Markievicz wrote for Inghinidhe’s newspaper, Bean na hÉireann, and was elected to the executive of Sinn Féin in 1909. She attended a lecture by Frank Ryan on ‘Nationalism and Socialism’ at the Sinn Féin Drumcondra Branch in 1909, and her role in establishing the Betsy Gray Sluagh of the Fianna in Belfast brought her into contact with James Connolly’s writings. She joined the Irish Citizen Army, which was formed as a defence force for workers, but fought alongside the Irish Volunteers in defence of an Irish Republic 1916. In treating rumours spread soon afterwards that she deliberately shot an unarmed policeman, the author suggests that Markievicz may have shot at Constable Lahiffe and believed she had wounded him in the arm, though other accounts indicated she was not in the area at the time. After 1916, women did not make the advances in political representation that their visibility would seem to have promised. George Russell wrote in 1921 of militarism vying with political progress and of “that tense and artificial uniformity of mood and mind necessitated by the struggle”. Nevertheless, Markievicz successfully made representations to Dáil Éireann president, Éamon de Valera, and was appointed Minister for Labour in 1919. She went on a fundraising tour of the United States for Cumann na Poblachta, the party opposing the 1921 Anglo-Irish treaty, and following the fall of Dublin to pro-treaty forces in the civil war, she worked in propaganda in Dublin before going to Glasgow on de Valera’s request, one of a number of prominent women who served as republican diplomats, propagandists and writers.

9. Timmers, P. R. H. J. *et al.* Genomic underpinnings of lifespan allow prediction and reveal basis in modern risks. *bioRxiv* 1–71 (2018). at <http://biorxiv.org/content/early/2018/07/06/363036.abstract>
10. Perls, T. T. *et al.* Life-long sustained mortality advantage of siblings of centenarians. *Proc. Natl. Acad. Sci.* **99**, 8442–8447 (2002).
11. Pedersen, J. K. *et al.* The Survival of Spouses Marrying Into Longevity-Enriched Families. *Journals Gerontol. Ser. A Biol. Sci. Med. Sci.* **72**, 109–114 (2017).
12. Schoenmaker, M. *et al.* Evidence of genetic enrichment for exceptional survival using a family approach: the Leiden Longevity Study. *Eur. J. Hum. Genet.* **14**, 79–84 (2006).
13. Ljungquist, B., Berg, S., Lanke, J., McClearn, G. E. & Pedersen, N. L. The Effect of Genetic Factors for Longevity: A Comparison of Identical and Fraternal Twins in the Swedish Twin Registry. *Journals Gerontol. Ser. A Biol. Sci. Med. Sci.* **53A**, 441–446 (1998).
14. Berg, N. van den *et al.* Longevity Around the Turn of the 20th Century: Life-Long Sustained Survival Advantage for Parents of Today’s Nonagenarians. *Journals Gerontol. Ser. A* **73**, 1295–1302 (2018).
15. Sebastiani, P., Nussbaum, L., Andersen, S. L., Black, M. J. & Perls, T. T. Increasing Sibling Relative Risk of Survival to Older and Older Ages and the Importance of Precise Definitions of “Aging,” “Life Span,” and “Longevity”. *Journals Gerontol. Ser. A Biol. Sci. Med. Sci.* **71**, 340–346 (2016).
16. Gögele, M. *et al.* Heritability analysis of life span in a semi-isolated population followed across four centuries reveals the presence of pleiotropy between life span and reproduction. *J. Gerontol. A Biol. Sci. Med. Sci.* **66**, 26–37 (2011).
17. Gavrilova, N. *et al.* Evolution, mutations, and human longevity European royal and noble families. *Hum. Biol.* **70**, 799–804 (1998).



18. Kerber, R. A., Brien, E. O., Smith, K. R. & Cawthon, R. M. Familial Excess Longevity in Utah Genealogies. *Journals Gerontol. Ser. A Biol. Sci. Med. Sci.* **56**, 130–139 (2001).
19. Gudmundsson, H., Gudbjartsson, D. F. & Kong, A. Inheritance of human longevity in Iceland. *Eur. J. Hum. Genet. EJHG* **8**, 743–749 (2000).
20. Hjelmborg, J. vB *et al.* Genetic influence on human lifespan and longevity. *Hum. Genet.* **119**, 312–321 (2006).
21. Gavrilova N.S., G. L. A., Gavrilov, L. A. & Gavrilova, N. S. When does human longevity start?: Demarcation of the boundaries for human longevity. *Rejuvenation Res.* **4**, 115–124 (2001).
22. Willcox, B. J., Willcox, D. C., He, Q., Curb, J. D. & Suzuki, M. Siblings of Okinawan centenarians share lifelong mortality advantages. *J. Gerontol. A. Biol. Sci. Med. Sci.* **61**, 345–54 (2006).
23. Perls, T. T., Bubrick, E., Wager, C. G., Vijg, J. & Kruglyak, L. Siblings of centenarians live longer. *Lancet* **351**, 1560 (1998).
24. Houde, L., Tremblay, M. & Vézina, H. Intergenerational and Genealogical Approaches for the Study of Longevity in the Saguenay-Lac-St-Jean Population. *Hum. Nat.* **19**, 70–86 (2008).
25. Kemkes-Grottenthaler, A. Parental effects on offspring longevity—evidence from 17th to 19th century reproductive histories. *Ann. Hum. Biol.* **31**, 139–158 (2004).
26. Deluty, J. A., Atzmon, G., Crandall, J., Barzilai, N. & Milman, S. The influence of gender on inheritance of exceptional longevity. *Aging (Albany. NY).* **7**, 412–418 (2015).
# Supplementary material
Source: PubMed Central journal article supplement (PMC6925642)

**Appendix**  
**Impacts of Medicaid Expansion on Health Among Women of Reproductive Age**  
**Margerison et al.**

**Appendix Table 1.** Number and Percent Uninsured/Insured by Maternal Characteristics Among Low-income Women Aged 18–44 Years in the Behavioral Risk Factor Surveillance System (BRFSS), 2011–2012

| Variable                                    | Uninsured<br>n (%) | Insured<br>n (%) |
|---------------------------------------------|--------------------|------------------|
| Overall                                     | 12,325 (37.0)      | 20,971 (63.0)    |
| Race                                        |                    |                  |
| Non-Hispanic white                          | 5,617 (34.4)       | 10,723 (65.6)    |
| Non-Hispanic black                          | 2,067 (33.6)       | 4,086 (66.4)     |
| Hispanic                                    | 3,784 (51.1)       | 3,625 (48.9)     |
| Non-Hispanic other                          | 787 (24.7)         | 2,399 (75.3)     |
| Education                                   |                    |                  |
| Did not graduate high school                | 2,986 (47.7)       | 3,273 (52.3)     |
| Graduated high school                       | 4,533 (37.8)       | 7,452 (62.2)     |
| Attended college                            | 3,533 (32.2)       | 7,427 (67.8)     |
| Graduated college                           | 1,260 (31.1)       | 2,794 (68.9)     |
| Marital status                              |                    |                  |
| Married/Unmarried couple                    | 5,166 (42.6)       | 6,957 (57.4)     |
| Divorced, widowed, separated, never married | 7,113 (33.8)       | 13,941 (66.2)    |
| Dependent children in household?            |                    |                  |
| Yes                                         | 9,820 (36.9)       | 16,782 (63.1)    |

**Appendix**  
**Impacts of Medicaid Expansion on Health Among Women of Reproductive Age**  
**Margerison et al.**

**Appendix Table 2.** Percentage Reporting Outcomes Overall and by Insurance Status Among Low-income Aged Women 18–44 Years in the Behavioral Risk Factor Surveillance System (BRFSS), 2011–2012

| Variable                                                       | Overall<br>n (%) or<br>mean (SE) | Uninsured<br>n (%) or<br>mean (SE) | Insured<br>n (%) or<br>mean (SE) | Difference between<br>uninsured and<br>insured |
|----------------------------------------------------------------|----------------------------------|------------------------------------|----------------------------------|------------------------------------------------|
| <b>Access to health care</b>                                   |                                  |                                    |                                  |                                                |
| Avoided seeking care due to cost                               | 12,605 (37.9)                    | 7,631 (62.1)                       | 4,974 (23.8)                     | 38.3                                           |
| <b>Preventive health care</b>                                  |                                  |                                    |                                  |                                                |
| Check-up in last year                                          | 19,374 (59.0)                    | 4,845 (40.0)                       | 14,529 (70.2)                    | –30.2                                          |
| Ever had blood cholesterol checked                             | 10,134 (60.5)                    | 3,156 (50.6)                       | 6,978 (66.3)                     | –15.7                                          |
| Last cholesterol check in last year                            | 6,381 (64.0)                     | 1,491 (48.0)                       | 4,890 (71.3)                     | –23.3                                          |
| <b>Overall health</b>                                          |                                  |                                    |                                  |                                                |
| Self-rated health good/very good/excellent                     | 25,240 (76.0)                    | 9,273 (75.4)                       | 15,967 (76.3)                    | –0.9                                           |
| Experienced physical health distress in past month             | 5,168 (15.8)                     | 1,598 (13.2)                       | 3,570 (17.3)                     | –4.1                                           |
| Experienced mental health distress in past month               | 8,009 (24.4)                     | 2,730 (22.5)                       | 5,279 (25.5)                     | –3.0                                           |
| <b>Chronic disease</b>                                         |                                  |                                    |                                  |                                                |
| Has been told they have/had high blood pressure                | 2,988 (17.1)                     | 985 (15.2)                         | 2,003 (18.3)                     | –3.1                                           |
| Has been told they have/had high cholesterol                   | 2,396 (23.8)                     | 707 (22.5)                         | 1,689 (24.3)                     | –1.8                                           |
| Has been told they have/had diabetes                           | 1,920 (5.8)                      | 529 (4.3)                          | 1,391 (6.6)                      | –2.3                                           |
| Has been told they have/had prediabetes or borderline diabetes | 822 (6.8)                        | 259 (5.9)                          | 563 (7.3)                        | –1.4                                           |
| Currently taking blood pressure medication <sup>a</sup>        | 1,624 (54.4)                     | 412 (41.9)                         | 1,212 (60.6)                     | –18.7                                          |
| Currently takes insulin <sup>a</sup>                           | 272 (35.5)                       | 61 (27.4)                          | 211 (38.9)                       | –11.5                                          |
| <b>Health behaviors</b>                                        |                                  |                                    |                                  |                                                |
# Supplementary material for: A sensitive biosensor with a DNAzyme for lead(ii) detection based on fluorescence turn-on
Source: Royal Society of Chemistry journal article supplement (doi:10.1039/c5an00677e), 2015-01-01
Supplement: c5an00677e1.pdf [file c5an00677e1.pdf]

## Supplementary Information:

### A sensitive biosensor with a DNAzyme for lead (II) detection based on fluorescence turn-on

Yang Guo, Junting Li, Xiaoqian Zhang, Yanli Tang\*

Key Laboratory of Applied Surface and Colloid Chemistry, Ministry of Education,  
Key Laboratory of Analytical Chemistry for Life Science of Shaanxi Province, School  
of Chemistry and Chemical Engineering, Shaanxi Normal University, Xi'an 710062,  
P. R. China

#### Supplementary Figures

The civil war had the effect of brutalising public discourse, and in this, republicans were as culpable as their rivals. Yet, like Liam Mellows, Seán McLoughlin, Ernie O’Malley and, to an extent, Erskine Childers, Markievicz perceived the necessity of reassessing the relevance of republican rhetoric to a desperately poor and alienated public. Naughton’s quotations from her post-war writings indicate the development in her political ideology and her relationship to the Catholic church and give tantalising hints of the influence she might have exerted in Fianna Fáil but for her declining health and ultimately, her death in 1927. Overall, Naughton does an admirable job of cataloguing Markievicz’s political views and restoring her reputation as a cultural, political and women’s rights activist of continuing relevance rather than the ignorant agitator fashioned by 1930s revisionism. One praiseworthy aspect of this book is that anecdotes are used sparingly and very effectively. An impressive depth of research allows Markievicz’s personality to develop for the reader and makes the biography – in spite of a tendency to become bogged down in contextual narrative – thoroughly engaging, and a useful reference.